6. 6. Table 1: Some of the proposed security metrics for the CAIQ, based on the CSP’s responses found on the STAR repository CID Consensus Assessment Questions Possible values CO-01.Q1 Supported Audit Assertions formats None, Proprietary, Only one, More than one CO-02.Q1 Access requirements to third party audit reports Not specified, Only to customers, NDA Required, NDA and written justifica- tion required CO-02.Q2 Frequency of the network penetration tests Not specified, Once per-Year, Twice per-Year, Monthly IS-19.Q2 Tenants’ encryption keys management Not specified, Not supported, Provider only, Shared management, User onlyOn the other hand, CSP3 ’s answers to the original CSP1 and CSP2 (approximately 86% for the CAIQCAIQ contained more “NO” values than CSP1 ’s but subset and, between 75% — 79% for the CAIQ+ sub-its “Comments” were by far much richer in infor- set). Once again, the reason is clear when takingmation to quantify the corresponding CAIQ+ SecLA. a look at the responses found on the correspondingThis demonstrates that disclosing a greater level of CAIQ reports: CSP3 replied either with a “YES” ordetail on the SecLA is beneficial for the CSP. Also a better quantitative security value much more ques-notice that in all the cases the security levels associ- tions that the other providers.ated with the CAIQ+ SecLAs were lower than thoseobtained for the CAIQ SecLAs, this was in part be- Comparing CSP1 and CSP2 versus CSP3cause of the difference between both metric spaces(MSCAIQ = 26.153 whereas MSCAIQ+ = 28.284). 100.00% 90.00% RateMS Metrics 80.00% 70.00% 60.00%100.00% 50.00% 40.00% 30.00% 20.00% 10.00% 95.00% 0.00% Delta+(CSP1) Delta-(CSP1) Delta+(CSP2) Delta-(CSP2) CAIQ CAIQ+ 90.00% Figure 6: Quantitatively comparing CSPs with the metric RateMS(CSP1) RateMS(CSP2) RateMS(CSP3) from Definition 2. CAIQ CAIQ+ Now the question that arises for the hypothetical customer of CSP3 is: how the different CSPs com-Figure 5: Using the RateMS metric to quantitatively com- pare on the individual categories of their respectivepare CSPs. The higher RateMS is, the more security is be-ing provided by the Cloud SecLA. SecLAs? This question can be answered through the BenchScore metric (cf. Definition 3), by benchmark- For our next test, let us suppose that a current cus- ing the Cloud SecLAs from both CSP1 and CSP2 us-tomer of CSP3 wants to know if either CSP1 or CSP2 ing as a baseline CSP3 . Obtained results are shownmight provide her with a better SecLA. For this pur- in Table 2, where the BenchScore metric was usedpose our hypothetical user first applies the metric pro- for this purpose (column “Pass” in Table 2), but alsoposed in Definition 2, using CSP3 as a baseline. The was applied to quantitatively benchmark those Cloudobtained results (see Figure 6) show that with the two SecLA provisions from CSP1 /CSP2 which securitypolicy subsets (CAIQ and CAIQ+), both CSP1 and level (i.e., LSL as explained in Section 3.1) fell be-CSP2 had approximately 20% of their provisions with hind the benchmark (column “Fail” in Table 2). Thea higher security level than CSP3 ’s. However, it is no- results shown in Table 2’s CAIQ+ column are consis-ticeable that the number of provisions with a lower se- tent with our previous tests, because we observed thatcurity level (∆− metric) was by far larger also for both the number of “failed” provisions increased for CSP1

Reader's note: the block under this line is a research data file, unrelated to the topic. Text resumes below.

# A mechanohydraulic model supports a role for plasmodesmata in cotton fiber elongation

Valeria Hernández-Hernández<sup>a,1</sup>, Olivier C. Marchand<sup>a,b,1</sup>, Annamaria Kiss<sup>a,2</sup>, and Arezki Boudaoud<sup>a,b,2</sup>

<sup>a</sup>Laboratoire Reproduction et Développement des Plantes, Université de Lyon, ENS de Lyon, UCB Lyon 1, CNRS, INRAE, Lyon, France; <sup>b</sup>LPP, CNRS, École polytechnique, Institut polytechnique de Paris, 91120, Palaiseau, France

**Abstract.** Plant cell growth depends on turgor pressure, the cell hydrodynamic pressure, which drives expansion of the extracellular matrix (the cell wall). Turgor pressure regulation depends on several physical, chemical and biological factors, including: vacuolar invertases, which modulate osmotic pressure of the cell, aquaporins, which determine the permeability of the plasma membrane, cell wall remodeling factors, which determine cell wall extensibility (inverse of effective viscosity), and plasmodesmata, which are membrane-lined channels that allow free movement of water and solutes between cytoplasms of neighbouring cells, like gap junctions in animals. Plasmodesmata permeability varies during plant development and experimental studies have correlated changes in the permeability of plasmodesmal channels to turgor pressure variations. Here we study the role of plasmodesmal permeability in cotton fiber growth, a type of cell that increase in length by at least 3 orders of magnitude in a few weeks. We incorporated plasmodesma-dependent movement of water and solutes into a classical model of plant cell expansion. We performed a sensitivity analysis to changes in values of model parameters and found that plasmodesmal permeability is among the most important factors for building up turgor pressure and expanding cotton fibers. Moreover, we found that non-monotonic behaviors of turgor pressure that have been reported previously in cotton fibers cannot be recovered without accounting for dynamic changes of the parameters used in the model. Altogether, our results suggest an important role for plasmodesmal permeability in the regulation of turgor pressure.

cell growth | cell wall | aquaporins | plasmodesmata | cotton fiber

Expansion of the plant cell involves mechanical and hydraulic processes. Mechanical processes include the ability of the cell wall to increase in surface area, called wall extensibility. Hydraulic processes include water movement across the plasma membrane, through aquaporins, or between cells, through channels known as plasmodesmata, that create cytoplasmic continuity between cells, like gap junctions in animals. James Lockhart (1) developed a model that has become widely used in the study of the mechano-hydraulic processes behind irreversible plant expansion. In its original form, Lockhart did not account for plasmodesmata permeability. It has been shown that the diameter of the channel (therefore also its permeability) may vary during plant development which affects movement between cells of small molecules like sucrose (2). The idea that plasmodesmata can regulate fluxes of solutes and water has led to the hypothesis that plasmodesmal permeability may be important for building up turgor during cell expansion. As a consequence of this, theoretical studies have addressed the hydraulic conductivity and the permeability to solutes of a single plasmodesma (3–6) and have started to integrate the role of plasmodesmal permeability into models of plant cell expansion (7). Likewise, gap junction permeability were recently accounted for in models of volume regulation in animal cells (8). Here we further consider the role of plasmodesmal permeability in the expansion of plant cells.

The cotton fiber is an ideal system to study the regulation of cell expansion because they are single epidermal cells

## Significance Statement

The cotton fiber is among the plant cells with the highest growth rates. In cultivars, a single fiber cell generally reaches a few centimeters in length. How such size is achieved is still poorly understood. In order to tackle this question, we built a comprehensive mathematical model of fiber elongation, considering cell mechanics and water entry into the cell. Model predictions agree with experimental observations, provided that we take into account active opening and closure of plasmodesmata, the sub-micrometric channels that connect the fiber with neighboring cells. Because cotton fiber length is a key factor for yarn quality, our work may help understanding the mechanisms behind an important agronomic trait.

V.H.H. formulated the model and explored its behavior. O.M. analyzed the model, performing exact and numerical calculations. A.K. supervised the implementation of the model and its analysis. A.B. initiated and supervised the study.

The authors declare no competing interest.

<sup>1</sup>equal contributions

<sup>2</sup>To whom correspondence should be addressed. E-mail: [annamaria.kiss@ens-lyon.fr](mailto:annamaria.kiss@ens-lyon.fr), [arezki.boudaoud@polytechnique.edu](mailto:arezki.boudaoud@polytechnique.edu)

7. 7. Table 2: Benchmarking CSP1 and CSP2 versus CSP3 CSP1 CSP2 CAIQ CAIQ+ CAIQ CAIQ+ Pass Fail Pass Fail Pass Fail Pass Fail BenchScore 97.66% 2.34% 87.50% 12.50% 90.06% 9.94% 90.50% 9.50% CO 7.02% 1.17% 7.00% 7.00% 7.60% 0.58% 12.50% 1.50% DG 8.77% 0.00% 8.00% 0.00% 8.77% 0.00% 8.00% 0.00% FS 5.26% 0.00% 4.50% 0.00% 4.68% 0.58% 4.00% 0.50% HR 2.34% 0.00% 2.00% 0.00% 2.34% 0.00% 2.00% 0.00% IS 41.52% 0.00% 38.00% 3.50% 37.43% 4.09% 38.00% 3.50% LG 1.17% 0.00% 1.00% 0.00% 1.17% 0.00% 1.00% 0.00% OP 2.92% 0.00% 2.50% 0.00% 2.92% 0.00% 2.50% 0.00% RI 6.43% 0.58% 5.50% 0.50% 7.02% 0.00% 6.00% 0.00% RM 2.92% 0.00% 2.50% 0.00% 1.75% 1.17% 1.50% 1.00% RS 5.85% 0.58% 5.00% 1.00% 5.85% 0.58% 5.50% 0.50% SA 13.45% 0.00% 11.50% 0.50% 10.53% 2.92% 9.50% 2.50%with respect to CSP3 (from 2.34% — 12.50%). 5 RELATED WORK As mentioned in Section 3 and seen on Figure 7,the proposed assessment metrics can be used at dif- SLA specifications and management is becoming anferent levels of granularity varying from the Cloud essential component within several emerging tech-SecLA-level to the individual security provision- nologies such as Cloud computing. In the past, SLAlevel. With the quantitative level of detail being pro- specifications have been mainly considered in the Ser-vided by the proposed metrics e.g., our hypothetical vice Oriented Architectures (SOAs) and Web servicesuser should be able to take a decision about chang- fields like in (Andrieux K.,, ) and (Ludwig H.,ing her current CSP depending on how important for, ). Unfortunately, one of the major limitations ofher are the security provisions that “failed” the bench- these approaches is that they do not take into consid-marking process. This “weighting” of individual pro- eration security aspects even if the need for incorpo-visions is part of our future work, just as discussed in rating security in SLA was already highlighted someSection 6. years ago (Henning R., 1999). Despite in the last years some proposals have started to consider security in SLAs, just very few of these have focused on Cloud SecLAs. In par- ! "# $ ticular we highlight (Bernsmed K.,, 2011), where the authors present a method for managing the SecLA lifecycle in the context of federated Cloud ser- vices. That work can be considered complementary to our research, taking into account that the authors of (Bernsmed K.,, 2011) discuss the contents of Cloud SecLAs, but do not further elaborate about the techniques to quantitatively assess them. In (Almorsy M.,, 2011), the authors also pro- pose the notion of evaluating Cloud SecLAs. In their paper, a metric is introduced to measure a CSP’s “se- curity categorization” of their information (either per- tenant or per-service), based on impact metrics for all the three dimensions of security — confidentiality, in- tegrity and availability —. However, the resulting se- % % curity categorization is qualitative (i.e. specifying the High, Medium or Low security ranges), contrary toFigure 7: Benchmarking a subset of security provisions for our quantitative security assessment metrics.two different CSPs. As mentioned in Section 1, to the best of our knowledge there are no further works related with